Nicola Davies investigates an emerging teaching concept researchers believe is a key component for learning and student well-being

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Learning should be one of the most enjoyable experiences available to us. Yet this isn’t always the case. Many students complain how tedious learning can be, and they may have a point. We know how much focus is placed on academic content and targets, which ultimately neglects the importance of student well-being.

Fortunately, an emerging train of thought sees the relationship between students and teachers as a complex bond that is about more than simply the teaching and learning process. This concept is known as ‘teacher connectedness’. The goal is to nurture the bond between teachers and students instead of focusing solely on the exchange of curriculum-related information.

The Teacher Connectedness Project is an EU-funded initiative to provide empirical evidence that teacher connectedness is a key component of a learning process that fosters student well-being. ‘People tend to think that relationships with teachers are not as important for adolescent students as in earlier ages, but some of our studies suggest that relationships with teachers continue to be a very important factor for students’ well-being in secondary education,’ says project-member Irene Garcia-Moya of the University of Hertfordshire, UK.

Findings also indicate the important role played by schools and policy-makers in integrating teacher connectedness into the school experience. ‘Of course, student–teacher relationships cannot be fully understood without considering the broader context in which they take place. School-level factors can facilitate or hinder student–teacher connectedness,’ says Irene.

The student–teacher ratio is a factor that can affect a student’s ability to connect with their teachers. The ideal scenario is that teachers can get to know, and provide individualised interactions with, each of their students. Research indicates that teacher connectedness can work even in large schools with many students, but only when there are enough teachers to provide a balanced ratio.1 Sufficient staffing and funding is needed to ensure a balance.

Putting teacher connectedness into practice

Students may not know how to engage in conversations aimed at building connections with teachers, so need a helping hand. Science teacher Jena Campbell believes there are ways to promote such conversations. ‘It is important to provide students with sentence starters for productive conversation,’ she suggests. For example, she encourages students to use sentence starters like, ‘I dis/agree with you because…’ Sentence starters are effective because they allow students to directly express their personal thoughts and feelings, which is a key component of developing a deeper connection with someone.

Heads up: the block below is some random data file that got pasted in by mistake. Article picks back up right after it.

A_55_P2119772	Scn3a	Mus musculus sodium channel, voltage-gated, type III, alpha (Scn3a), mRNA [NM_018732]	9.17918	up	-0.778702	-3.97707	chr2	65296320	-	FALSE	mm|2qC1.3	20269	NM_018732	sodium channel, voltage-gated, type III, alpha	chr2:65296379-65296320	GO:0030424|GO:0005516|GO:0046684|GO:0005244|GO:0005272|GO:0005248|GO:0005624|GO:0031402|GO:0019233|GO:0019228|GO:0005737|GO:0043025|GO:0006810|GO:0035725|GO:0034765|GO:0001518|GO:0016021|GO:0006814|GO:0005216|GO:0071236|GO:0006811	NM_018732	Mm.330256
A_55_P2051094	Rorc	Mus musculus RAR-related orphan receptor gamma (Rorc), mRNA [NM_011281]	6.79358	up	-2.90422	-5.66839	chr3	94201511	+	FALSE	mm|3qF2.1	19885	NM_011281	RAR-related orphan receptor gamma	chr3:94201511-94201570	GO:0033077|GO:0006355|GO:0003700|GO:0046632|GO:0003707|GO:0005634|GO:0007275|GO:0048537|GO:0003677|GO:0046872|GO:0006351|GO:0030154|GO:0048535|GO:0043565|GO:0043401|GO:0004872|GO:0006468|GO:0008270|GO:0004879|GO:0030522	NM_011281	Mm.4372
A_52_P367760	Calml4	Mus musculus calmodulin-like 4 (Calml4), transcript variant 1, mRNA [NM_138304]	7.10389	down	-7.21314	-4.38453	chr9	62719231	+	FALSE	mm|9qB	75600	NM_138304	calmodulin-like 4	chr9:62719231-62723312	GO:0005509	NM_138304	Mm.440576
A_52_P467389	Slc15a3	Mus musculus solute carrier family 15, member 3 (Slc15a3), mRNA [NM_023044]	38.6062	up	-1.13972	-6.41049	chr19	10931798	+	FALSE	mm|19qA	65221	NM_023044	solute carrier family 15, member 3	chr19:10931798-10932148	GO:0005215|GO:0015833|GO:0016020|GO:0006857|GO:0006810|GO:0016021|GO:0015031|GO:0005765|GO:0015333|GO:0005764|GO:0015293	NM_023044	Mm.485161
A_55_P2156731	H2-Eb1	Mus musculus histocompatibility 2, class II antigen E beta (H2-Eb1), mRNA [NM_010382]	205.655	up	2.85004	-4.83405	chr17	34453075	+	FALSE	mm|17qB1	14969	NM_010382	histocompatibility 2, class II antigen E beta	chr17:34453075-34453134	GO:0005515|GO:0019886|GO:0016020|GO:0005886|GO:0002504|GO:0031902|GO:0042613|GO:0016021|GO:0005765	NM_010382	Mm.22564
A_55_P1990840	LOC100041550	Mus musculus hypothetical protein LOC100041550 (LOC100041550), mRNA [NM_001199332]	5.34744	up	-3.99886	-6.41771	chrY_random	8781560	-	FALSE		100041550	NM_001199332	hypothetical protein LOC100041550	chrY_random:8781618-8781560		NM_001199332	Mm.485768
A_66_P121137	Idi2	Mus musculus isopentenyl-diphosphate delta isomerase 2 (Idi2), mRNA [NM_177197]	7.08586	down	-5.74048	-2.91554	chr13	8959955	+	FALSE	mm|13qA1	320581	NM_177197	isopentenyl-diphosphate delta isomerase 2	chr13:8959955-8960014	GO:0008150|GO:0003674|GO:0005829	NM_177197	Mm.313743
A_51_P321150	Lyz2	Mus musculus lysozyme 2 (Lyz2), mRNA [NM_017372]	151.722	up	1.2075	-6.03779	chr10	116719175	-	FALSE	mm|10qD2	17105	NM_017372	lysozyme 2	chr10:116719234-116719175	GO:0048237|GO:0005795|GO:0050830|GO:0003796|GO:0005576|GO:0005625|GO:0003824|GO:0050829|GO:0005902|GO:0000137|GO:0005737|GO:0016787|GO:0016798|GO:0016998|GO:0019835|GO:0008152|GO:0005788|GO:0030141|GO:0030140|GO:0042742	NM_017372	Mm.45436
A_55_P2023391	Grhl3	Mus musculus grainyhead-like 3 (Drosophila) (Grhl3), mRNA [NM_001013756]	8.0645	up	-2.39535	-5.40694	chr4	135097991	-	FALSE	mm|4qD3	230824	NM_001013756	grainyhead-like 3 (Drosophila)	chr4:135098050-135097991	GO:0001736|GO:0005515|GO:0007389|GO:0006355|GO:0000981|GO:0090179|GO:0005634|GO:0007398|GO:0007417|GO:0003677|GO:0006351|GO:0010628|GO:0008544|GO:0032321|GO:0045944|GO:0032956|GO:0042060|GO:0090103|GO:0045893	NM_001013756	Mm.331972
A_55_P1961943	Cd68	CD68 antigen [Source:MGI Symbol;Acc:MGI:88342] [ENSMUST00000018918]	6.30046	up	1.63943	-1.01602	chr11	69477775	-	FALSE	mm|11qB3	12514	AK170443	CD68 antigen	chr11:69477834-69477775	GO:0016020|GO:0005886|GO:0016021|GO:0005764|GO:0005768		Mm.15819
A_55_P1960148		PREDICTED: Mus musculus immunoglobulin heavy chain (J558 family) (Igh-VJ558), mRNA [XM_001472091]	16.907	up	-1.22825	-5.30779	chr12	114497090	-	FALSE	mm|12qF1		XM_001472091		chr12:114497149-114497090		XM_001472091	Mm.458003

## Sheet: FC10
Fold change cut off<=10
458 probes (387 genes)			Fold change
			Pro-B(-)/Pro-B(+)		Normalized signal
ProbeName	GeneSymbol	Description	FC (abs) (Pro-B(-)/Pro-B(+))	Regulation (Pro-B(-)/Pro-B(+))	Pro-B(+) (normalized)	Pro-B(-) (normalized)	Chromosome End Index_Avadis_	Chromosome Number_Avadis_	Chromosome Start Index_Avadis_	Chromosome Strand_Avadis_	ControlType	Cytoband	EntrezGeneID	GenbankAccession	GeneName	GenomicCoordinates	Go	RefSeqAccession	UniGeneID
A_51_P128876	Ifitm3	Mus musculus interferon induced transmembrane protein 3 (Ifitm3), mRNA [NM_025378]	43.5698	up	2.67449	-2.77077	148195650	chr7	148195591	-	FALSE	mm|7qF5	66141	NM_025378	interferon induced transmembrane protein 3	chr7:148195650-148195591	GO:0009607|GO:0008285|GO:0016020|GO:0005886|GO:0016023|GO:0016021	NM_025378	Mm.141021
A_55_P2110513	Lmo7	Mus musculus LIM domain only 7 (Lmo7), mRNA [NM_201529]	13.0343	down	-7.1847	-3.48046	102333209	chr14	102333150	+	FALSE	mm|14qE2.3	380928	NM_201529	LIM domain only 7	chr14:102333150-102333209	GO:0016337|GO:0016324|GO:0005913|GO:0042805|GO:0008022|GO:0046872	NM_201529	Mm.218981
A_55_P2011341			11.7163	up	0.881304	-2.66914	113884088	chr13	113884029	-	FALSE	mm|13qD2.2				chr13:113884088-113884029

Teachers can also take time to learn what they can about the personalities and interests of their students. Ideally, teachers should take the first step and talk a bit about themselves before asking their students to do the same.

‘The biggest practical tip I can give would be to take the time,’ Jena says. ‘At the beginning of the year, get to know each other with ice-breaker activities and be sure to participate in them. Note birthdays, haircuts, and new shoes; ask about weekends and have conversations about every day, ordinary things as your students enter your classroom.’

Some argue that trying too hard to build a close bond between teachers and students is counterproductive. There’s concern connecting with students beyond teaching them could discourage learning. However, teachers building a relationship with students does not go against the delivery of effective teaching. Teachers who truly listen to their students and value their opinions will find the teaching process to be more effective and more rewarding. Students are not learning machines, just as teachers are people and not merely conveyors of knowledge – an emphasis on teacher connectedness recognises this.

Top tips for cultivating connectedness

  • Show your students that you genuinely want them to do well in school.
  • Call students by the name they prefer.
  • Chat informally with students at the beginning or end of lessons or during breaks.
  • Learn what your students like doing outside school. Ask about their passions and interests.
  • Give attention to students who do not easily stand out from the crowd. Encourage and value their contributions in class.
  • Let your students know they can always talk to you about anything, even if it’s not school related.
  • When students tell you something, ensure you are actively listening. Hear what is behind the words – do their words say one thing, but their body language another? For example, a student may tell you they had a great summer but avoid eye contact or further discussion.
  • When students ask for help or share a problem, try to see things from their perspective and show empathy.

The Teacher connectedness project briefing for teachers [pdf] contains further recommendations.

Nicola Davies